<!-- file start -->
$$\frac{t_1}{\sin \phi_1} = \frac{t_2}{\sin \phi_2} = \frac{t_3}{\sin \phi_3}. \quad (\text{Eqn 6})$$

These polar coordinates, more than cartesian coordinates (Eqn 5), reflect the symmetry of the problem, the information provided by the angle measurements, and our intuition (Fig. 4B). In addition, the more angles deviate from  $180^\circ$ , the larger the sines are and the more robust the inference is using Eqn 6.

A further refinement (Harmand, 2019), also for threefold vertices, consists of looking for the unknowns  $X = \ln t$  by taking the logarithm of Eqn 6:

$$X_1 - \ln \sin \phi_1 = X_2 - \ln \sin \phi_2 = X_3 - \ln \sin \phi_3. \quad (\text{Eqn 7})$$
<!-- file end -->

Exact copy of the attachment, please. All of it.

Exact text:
$$\frac{t_1}{\sin \phi_1} = \frac{t_2}{\sin \phi_2} = \frac{t_3}{\sin \phi_3}. \quad (\text{Eqn 6})$$

These polar coordinates, more than cartesian coordinates (Eqn 5), reflect the symmetry of the problem, the information provided by the angle measurements, and our intuition (Fig. 4B). In addition, the more angles deviate from  $180^\circ$ , the larger the sines are and the more robust the inference is using Eqn 6.

A further refinement (Harmand, 2019), also for threefold vertices, consists of looking for the unknowns  $X = \ln t$  by taking the logarithm of Eqn 6:

$$X_1 - \ln \sin \phi_1 = X_2 - \ln \sin \phi_2 = X_3 - \ln \sin \phi_3. \quad (\text{Eqn 7})$$